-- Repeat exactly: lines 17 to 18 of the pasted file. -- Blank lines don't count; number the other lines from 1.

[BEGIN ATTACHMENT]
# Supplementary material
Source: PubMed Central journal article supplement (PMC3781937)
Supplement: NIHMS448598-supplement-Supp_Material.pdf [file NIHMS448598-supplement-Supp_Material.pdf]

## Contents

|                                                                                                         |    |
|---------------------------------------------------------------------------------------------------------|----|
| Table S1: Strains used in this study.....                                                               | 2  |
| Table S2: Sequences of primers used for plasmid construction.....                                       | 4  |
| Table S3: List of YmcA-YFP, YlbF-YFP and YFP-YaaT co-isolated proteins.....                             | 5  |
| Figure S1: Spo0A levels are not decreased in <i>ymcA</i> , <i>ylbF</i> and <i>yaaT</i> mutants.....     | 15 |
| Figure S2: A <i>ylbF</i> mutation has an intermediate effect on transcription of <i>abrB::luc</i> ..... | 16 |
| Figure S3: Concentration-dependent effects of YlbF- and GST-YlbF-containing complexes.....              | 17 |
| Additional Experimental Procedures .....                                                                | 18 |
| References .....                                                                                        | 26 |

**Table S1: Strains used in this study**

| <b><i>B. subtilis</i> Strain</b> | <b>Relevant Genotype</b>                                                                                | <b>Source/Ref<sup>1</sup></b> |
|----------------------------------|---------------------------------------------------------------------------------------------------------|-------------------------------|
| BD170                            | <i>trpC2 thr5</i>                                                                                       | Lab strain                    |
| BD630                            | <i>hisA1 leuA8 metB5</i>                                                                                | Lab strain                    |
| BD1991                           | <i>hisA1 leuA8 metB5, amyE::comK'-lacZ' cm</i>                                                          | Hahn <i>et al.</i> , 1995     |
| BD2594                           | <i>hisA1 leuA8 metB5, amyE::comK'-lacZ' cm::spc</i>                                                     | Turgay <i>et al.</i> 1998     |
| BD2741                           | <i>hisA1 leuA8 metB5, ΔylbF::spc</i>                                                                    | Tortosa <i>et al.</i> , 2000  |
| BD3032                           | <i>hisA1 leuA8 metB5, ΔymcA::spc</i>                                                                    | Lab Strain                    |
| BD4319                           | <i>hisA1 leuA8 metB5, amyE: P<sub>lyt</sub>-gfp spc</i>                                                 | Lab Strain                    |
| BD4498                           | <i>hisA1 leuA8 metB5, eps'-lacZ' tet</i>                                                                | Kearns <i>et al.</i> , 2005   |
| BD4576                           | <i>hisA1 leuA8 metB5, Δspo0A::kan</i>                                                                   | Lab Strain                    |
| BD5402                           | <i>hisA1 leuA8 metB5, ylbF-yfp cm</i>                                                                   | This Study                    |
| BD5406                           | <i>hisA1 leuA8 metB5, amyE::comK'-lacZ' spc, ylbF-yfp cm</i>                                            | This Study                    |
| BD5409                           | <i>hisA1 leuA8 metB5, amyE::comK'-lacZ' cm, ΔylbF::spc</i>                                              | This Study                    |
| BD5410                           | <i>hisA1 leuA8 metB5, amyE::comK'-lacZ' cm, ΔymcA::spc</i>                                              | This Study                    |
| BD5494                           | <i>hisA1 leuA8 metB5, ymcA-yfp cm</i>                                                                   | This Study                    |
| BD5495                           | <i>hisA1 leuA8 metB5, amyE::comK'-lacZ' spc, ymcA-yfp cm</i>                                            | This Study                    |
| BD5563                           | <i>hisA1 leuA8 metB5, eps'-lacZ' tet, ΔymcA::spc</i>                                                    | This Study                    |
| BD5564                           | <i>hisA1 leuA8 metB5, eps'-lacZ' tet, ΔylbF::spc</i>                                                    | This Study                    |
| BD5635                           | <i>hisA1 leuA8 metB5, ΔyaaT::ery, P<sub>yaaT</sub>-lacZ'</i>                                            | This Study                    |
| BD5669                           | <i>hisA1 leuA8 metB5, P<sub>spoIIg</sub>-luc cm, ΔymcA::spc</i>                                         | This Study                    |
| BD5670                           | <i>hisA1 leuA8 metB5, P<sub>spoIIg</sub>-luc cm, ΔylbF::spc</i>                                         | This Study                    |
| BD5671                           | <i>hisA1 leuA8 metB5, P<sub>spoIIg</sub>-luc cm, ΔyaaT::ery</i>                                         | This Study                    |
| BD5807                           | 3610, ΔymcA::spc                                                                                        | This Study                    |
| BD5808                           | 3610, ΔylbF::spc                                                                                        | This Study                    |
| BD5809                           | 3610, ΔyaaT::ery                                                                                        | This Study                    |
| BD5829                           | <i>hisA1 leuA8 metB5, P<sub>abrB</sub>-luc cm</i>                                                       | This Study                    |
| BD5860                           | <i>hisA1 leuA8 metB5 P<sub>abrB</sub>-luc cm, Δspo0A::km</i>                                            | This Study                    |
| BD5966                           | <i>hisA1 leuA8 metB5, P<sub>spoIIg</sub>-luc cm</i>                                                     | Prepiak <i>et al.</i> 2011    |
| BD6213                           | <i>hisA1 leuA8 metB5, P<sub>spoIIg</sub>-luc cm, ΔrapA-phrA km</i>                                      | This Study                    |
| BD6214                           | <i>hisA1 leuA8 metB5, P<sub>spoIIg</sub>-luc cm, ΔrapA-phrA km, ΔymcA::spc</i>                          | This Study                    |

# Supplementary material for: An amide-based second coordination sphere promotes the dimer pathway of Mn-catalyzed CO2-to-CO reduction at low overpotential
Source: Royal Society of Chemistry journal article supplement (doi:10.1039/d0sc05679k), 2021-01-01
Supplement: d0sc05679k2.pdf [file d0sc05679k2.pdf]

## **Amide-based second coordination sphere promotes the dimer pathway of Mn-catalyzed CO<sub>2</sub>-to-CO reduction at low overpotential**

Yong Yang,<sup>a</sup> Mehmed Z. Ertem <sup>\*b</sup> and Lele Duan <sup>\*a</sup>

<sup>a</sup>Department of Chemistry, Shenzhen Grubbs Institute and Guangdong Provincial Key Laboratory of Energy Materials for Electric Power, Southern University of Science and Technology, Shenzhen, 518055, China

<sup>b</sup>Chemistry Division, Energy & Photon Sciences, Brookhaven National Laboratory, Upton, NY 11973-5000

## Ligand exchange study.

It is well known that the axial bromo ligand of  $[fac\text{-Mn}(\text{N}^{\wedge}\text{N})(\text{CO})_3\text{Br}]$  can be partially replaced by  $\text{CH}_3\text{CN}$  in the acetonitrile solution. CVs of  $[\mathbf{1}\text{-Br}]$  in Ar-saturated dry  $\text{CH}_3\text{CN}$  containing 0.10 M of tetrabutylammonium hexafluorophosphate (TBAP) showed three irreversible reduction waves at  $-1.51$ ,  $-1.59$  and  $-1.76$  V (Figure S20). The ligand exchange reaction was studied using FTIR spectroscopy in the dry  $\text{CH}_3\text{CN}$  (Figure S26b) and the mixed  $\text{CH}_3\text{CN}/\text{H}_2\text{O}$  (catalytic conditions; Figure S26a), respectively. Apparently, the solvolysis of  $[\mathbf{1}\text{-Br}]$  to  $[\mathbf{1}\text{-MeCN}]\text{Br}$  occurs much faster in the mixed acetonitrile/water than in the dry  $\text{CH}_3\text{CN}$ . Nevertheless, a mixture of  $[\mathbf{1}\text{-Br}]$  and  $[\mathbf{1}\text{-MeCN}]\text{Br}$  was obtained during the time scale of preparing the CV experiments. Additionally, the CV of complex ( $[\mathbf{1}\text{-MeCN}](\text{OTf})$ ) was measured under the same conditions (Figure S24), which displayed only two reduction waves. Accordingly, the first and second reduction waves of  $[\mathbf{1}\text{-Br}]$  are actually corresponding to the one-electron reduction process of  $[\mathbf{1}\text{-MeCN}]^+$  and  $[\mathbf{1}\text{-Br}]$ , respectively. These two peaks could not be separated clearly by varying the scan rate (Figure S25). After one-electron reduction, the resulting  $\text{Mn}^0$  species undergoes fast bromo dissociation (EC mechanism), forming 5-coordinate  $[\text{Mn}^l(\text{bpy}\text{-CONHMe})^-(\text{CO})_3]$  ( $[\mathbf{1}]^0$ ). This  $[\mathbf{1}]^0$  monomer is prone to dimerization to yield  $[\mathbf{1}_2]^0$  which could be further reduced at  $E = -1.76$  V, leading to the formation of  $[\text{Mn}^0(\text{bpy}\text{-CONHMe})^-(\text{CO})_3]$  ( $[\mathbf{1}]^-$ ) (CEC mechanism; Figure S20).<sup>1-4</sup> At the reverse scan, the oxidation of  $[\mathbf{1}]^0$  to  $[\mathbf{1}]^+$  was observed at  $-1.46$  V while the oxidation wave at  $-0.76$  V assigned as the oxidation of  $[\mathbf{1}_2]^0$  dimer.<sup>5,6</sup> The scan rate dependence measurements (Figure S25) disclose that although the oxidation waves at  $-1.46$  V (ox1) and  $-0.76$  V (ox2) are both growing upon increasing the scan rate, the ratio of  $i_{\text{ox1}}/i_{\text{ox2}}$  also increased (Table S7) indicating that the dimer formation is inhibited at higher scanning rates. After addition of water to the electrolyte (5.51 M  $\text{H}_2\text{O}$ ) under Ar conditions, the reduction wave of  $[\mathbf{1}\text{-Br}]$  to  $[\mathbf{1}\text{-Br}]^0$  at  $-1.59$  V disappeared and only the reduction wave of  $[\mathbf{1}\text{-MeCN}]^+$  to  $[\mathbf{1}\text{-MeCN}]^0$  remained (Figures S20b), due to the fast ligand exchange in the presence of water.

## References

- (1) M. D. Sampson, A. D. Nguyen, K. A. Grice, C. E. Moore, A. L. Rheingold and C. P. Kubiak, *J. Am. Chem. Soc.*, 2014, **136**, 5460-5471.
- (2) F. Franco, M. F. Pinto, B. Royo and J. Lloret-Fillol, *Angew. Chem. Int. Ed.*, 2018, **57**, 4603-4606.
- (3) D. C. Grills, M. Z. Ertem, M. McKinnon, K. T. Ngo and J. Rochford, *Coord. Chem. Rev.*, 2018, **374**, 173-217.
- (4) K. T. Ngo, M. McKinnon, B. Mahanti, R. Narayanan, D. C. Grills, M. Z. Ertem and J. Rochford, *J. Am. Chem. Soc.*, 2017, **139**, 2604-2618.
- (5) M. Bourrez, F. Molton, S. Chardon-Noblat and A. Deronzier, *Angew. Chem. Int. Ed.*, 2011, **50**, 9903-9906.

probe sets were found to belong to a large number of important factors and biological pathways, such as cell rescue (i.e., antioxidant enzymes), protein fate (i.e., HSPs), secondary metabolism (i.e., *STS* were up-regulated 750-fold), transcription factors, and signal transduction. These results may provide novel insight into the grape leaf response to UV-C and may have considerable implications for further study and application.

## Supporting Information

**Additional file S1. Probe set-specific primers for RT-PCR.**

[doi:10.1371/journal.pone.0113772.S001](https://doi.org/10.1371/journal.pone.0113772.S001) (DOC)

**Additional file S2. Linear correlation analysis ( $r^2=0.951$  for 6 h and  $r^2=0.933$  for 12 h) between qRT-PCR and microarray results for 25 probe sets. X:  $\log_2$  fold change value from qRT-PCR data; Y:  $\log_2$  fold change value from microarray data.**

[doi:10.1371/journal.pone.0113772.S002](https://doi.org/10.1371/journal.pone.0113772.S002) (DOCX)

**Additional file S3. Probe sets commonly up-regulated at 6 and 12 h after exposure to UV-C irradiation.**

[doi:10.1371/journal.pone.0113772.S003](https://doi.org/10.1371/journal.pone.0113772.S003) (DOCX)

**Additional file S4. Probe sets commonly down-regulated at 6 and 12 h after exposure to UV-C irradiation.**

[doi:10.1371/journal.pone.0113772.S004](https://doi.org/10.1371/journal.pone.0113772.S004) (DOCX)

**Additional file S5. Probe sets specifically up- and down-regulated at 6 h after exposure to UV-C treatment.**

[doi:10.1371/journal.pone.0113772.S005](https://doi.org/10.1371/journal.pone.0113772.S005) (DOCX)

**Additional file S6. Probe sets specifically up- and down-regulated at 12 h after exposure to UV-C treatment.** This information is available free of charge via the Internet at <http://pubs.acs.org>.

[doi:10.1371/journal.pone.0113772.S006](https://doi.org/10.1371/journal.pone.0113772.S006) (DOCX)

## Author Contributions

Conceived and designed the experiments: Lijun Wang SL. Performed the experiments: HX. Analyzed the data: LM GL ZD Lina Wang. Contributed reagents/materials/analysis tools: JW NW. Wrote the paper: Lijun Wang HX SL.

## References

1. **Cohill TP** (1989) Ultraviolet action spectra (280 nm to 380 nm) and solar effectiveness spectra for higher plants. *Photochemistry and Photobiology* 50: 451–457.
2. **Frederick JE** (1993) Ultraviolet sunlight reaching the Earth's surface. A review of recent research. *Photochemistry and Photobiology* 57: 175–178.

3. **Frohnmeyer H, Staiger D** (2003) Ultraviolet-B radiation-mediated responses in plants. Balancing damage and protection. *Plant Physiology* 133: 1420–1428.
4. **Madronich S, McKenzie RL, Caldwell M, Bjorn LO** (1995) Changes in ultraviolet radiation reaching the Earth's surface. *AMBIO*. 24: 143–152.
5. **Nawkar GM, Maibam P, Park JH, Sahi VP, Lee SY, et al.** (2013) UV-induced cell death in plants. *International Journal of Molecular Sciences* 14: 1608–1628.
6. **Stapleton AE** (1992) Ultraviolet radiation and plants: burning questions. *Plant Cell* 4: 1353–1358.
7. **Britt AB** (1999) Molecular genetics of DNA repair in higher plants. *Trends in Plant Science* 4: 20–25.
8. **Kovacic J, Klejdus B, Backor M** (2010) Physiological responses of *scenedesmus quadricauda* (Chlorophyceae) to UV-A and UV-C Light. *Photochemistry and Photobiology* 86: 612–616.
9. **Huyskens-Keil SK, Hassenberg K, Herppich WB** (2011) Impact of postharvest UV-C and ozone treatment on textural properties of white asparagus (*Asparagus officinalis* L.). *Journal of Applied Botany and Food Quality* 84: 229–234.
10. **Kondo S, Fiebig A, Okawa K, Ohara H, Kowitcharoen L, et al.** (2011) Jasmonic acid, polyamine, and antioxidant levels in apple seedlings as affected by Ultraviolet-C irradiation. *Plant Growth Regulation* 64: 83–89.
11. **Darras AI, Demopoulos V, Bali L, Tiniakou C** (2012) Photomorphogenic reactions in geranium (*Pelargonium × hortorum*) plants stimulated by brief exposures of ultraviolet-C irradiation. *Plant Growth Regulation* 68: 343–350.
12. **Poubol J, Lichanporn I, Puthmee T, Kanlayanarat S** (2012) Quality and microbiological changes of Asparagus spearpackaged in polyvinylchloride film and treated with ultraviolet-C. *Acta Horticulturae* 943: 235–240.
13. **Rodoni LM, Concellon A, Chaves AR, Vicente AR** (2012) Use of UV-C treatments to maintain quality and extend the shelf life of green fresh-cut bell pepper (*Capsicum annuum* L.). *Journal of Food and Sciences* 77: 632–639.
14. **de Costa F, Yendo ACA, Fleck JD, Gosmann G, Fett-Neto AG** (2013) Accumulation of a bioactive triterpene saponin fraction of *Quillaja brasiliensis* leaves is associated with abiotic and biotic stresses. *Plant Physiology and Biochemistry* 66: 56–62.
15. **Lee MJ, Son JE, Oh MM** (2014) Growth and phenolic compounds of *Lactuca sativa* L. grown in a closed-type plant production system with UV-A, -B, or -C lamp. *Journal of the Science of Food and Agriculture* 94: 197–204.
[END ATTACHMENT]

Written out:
|----------------------------------|---------------------------------------------------------------------------------------------------------|-------------------------------|
| BD170                            | <i>trpC2 thr5</i>                                                                                       | Lab strain                    |